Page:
Gina prepares herself to receive another form of therapy called Avastin, which is administered intravenously through a meta-port on her chest. As the port is prepped, everyone in the room is asked to pull up their masks, a precaution to prevent infection.

And then they wait.

Before any kind of chemo can be administered, doctors and nurses have to check blood levels to make sure her platelet count is at least 72,000. This could take hours on a busy day. If the tests come back positive — that day her platelet count was at 92,000 — the medicine must be specially made in the lab, which means more waiting.

During this time, the conversations can take some unexpected and cumbersome turns. As the family waited for the medicine to be concocted, Gina expressed her discontent for the way others treat the very idea of cancer and hospitals in general.

“Sometimes when people hear the word ‘cancer’ it’s like they almost whisper,” she said. “I feel like when people know people that have cancer, and they say ‘I have cancer,’ it’s like a death sentence. I just want people to know there are so many survivors.”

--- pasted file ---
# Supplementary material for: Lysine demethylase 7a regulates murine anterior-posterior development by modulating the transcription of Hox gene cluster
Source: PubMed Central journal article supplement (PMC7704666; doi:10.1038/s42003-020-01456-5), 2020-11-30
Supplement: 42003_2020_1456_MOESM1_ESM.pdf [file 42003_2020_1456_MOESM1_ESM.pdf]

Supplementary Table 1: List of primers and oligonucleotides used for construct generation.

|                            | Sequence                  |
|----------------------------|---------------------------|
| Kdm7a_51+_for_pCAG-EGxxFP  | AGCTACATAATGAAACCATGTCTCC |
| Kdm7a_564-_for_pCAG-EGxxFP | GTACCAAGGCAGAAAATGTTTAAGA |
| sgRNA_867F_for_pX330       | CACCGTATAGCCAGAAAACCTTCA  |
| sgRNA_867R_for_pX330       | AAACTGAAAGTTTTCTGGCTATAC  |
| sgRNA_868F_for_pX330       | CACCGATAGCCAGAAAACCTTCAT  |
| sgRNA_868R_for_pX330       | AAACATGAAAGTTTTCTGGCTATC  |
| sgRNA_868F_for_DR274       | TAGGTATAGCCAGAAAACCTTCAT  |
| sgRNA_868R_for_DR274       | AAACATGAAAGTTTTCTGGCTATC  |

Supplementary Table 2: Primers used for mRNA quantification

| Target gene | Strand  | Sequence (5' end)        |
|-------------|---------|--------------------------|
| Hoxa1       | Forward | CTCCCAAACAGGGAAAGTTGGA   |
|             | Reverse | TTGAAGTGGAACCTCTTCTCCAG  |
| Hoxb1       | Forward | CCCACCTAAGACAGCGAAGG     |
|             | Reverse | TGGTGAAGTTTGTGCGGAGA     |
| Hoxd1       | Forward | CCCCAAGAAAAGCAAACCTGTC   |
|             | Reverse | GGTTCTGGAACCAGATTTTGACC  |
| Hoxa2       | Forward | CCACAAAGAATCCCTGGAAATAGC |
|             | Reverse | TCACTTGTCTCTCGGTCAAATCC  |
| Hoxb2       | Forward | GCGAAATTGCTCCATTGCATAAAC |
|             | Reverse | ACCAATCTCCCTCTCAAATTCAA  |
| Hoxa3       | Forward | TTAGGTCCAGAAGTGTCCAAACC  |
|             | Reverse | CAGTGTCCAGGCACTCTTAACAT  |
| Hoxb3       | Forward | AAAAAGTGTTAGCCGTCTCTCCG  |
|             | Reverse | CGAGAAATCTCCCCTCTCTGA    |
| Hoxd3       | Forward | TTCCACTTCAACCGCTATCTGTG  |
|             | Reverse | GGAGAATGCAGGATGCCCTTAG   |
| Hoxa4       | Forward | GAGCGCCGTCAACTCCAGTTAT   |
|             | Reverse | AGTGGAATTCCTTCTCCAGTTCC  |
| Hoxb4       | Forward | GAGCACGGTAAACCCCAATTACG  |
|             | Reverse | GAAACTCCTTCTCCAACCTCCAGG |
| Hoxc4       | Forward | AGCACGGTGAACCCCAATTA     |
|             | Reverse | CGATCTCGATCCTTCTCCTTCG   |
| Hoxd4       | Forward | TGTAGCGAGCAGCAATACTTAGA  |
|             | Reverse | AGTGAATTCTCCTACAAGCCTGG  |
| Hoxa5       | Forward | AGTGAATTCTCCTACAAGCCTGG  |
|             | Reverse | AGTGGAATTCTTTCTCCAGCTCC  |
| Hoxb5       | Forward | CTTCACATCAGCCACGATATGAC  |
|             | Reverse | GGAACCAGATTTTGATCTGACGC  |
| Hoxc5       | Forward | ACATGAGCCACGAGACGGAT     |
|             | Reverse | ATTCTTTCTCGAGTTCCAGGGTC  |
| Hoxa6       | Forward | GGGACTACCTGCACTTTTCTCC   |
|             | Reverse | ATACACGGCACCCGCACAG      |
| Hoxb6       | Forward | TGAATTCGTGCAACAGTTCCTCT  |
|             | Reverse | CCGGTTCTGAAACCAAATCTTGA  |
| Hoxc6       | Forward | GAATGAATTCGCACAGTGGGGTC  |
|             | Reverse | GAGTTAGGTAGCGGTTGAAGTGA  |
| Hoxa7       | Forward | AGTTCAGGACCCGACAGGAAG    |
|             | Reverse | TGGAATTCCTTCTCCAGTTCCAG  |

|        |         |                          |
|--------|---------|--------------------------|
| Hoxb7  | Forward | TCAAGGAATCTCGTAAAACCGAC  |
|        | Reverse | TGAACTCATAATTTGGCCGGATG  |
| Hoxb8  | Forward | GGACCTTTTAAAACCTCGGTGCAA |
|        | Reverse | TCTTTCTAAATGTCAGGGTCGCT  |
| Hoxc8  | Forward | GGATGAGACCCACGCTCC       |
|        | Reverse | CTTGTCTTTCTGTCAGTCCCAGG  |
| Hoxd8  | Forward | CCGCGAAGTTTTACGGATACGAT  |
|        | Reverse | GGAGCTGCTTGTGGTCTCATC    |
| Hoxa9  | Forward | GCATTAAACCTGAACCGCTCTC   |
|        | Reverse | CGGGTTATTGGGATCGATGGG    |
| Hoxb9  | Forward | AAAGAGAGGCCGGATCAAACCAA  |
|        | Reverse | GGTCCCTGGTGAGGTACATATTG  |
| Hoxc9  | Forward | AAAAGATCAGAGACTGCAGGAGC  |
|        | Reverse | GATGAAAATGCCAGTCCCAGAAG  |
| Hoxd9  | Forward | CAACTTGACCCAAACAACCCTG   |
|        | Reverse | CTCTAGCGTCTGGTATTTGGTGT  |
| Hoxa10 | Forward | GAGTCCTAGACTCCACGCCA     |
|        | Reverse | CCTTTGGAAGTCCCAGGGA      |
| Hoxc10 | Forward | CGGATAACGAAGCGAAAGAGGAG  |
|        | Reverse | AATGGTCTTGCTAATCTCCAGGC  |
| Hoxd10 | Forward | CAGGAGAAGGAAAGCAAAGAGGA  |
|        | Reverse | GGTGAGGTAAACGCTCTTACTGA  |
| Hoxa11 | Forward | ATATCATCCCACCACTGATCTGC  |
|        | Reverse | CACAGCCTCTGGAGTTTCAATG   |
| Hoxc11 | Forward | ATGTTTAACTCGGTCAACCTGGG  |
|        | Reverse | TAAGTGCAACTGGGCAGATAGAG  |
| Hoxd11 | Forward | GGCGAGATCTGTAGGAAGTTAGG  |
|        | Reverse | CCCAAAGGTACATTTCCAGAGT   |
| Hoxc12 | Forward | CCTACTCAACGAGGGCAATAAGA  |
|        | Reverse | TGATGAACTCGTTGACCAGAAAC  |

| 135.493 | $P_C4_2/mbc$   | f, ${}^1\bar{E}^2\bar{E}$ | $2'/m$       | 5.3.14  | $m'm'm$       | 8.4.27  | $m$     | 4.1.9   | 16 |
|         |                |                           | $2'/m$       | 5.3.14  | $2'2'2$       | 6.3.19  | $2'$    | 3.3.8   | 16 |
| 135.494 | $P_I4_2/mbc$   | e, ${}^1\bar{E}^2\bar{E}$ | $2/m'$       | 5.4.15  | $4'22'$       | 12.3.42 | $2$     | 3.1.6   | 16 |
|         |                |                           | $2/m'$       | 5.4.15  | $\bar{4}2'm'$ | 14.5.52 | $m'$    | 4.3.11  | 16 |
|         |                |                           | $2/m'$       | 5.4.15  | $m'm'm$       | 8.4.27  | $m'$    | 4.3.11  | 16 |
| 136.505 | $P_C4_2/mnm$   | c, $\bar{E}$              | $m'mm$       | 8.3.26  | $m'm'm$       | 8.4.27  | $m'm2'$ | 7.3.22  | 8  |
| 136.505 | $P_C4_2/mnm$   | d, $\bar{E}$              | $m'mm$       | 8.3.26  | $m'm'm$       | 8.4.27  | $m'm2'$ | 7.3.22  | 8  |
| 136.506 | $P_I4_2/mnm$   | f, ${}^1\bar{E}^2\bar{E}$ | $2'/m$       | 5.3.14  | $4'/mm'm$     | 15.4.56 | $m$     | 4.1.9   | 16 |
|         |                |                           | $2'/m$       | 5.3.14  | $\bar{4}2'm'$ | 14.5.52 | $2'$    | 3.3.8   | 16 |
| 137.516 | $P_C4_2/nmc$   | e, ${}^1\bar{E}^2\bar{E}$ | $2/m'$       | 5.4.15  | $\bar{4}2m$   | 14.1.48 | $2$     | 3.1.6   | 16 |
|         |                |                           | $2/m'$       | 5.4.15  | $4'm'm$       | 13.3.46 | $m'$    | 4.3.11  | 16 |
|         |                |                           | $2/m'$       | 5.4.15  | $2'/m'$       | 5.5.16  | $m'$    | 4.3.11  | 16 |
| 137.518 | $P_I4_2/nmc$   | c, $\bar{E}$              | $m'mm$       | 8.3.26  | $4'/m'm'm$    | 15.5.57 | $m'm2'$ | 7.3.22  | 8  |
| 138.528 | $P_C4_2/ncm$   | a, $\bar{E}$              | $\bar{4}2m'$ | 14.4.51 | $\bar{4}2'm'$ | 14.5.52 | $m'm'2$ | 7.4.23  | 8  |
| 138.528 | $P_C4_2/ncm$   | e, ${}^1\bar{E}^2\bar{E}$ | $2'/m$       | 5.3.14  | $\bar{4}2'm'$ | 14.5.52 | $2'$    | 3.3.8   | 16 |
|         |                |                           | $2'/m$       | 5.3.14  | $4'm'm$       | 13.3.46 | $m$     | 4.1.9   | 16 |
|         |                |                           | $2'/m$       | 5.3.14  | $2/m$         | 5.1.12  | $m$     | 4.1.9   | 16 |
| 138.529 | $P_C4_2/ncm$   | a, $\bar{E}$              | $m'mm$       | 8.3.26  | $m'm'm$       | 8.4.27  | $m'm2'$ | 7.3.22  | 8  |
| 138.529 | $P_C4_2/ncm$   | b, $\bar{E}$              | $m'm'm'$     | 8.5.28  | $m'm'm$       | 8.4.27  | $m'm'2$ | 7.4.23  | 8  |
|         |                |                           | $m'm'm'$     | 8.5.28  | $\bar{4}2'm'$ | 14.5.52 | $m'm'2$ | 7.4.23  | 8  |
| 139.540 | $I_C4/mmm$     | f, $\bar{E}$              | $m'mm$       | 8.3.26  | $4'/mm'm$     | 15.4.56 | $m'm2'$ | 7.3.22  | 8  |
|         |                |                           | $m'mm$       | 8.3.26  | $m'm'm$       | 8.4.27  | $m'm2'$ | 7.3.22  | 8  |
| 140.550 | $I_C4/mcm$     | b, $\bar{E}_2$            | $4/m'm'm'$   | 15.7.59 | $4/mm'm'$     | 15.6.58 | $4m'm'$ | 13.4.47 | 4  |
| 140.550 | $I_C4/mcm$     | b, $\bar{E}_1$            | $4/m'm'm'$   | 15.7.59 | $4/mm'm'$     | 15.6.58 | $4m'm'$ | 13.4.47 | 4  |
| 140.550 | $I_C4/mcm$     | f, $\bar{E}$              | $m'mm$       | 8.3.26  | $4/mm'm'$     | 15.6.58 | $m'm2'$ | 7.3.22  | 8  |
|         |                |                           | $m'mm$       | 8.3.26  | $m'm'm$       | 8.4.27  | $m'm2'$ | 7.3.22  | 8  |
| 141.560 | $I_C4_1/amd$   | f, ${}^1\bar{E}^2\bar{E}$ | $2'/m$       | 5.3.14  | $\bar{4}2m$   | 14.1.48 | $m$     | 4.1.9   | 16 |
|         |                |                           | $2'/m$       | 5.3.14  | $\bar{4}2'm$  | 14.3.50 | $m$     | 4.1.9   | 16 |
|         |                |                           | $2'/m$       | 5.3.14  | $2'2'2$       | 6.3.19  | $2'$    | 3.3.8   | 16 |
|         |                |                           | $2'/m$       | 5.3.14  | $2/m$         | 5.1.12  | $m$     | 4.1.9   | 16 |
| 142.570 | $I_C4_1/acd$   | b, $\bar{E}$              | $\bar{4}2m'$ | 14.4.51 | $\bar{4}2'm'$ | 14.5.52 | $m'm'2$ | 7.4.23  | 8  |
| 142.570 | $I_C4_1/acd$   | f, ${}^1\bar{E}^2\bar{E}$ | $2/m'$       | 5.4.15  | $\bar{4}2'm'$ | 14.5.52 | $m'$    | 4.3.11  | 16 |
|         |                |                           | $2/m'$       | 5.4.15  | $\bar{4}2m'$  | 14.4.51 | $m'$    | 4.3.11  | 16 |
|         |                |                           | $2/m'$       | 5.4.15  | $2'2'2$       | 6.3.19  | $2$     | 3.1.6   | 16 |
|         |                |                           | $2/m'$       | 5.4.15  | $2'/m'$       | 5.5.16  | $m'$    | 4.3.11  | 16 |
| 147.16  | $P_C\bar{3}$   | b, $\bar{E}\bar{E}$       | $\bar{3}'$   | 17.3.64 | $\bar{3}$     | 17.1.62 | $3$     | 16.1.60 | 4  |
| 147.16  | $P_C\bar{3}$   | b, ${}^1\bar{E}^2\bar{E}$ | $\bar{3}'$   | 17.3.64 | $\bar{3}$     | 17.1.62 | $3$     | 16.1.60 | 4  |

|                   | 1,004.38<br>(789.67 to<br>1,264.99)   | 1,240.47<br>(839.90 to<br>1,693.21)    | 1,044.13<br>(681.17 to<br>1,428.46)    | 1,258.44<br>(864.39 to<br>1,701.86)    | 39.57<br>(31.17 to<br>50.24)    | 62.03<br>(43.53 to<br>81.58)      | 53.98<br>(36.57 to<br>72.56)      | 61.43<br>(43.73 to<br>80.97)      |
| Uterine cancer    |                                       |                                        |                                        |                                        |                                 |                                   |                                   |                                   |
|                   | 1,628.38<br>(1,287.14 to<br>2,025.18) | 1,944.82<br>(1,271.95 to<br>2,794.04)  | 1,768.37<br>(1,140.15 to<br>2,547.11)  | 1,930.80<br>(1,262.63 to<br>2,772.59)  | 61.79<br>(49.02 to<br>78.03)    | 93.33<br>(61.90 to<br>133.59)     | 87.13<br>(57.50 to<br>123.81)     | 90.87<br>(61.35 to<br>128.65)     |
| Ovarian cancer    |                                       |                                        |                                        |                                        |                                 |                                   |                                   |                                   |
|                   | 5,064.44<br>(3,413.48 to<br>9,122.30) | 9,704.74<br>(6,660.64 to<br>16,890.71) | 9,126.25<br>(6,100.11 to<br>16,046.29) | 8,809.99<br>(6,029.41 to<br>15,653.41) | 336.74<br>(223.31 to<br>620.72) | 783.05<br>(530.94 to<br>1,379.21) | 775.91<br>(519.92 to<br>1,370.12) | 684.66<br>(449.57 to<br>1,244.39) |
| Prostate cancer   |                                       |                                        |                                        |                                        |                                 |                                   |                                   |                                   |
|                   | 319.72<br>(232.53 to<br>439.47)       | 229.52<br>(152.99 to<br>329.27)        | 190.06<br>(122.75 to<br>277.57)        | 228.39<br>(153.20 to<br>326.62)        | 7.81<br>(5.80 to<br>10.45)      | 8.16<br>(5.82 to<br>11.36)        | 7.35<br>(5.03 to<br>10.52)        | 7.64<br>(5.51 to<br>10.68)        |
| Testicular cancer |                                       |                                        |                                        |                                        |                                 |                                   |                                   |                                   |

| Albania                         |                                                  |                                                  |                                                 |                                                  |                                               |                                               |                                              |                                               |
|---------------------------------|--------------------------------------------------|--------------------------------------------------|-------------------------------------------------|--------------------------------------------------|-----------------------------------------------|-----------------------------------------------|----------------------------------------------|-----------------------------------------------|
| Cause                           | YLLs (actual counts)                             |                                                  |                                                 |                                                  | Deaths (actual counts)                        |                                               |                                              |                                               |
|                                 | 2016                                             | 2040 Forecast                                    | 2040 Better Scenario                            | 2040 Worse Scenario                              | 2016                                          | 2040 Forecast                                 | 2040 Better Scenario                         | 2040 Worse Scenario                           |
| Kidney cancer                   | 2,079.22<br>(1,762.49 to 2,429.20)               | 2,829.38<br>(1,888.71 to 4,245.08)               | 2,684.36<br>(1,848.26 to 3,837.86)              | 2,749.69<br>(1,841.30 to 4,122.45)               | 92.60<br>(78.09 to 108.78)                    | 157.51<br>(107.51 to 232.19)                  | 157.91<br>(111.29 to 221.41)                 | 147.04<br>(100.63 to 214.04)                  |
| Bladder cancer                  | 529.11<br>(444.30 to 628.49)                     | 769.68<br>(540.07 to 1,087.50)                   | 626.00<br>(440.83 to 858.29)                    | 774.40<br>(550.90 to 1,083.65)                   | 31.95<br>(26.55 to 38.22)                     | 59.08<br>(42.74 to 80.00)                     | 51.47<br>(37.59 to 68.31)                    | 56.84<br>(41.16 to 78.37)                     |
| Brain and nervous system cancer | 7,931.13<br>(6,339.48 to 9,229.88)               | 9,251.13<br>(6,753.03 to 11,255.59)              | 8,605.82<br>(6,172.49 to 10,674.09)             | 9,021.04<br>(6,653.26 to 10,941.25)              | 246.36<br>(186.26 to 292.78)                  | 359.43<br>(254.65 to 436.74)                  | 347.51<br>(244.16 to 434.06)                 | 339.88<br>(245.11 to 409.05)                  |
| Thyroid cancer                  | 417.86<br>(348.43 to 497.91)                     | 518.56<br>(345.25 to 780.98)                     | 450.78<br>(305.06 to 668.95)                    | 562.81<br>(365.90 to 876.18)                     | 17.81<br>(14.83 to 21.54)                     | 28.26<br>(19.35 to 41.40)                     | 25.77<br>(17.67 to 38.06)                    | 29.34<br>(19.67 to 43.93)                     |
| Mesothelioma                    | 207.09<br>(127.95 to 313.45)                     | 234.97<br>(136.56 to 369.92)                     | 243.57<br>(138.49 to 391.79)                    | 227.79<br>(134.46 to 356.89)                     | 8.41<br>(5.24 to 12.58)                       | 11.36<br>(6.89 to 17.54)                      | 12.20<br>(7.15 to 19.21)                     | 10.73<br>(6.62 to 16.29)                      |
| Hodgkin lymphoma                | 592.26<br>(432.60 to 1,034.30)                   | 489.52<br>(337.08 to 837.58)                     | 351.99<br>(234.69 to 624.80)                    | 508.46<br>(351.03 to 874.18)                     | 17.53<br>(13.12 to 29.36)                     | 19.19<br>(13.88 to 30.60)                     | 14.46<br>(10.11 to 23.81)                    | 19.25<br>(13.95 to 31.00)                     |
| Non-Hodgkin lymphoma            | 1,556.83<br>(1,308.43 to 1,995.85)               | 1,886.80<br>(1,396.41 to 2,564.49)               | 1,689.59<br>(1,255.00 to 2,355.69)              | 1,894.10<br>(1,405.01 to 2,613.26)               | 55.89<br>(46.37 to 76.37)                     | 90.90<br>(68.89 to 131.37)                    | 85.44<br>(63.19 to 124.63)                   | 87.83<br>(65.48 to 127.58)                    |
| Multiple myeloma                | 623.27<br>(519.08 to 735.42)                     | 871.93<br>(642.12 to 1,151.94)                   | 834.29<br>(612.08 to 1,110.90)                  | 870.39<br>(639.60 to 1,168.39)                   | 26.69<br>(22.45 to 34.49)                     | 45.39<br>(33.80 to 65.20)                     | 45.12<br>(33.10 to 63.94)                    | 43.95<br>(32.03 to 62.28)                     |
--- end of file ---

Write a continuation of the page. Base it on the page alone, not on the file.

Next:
Both Gina and Sheila consider the hospital staff to be part of their family.

“The doctors and the nurses, everyone, they’re wonderful. I can’t say enough. … There’s such a deep love for everyone here from our hearts,” Sheila said.

This experience has completely revolutionized Gina’s perspective of hospitals and causes her endless worry that others may not completely understand the scope of her gratitude for those in the medical field.

“I don’t want people to think the hospital is death and dying,” she said. “I know people think that. People get bad visions of the hospital and, yeah, there are bad things that happen, but there are a lot of good things that happen, and just everyone who works here is awesome.”

After a year and a half of treatment, Gina is cancer-free but not quite in remission. She expects her chemotherapy to complete in May, and her scans have all come in clean. This, she said, makes her one of the lucky ones.

During her battle, she founded an organization called “Gina’s Journey” after she lost her hair as a result of the radiation therapy. A series of boxes are set up throughout both the children’s and adult’s cancer wards to collect hats and scarves for patients who need them.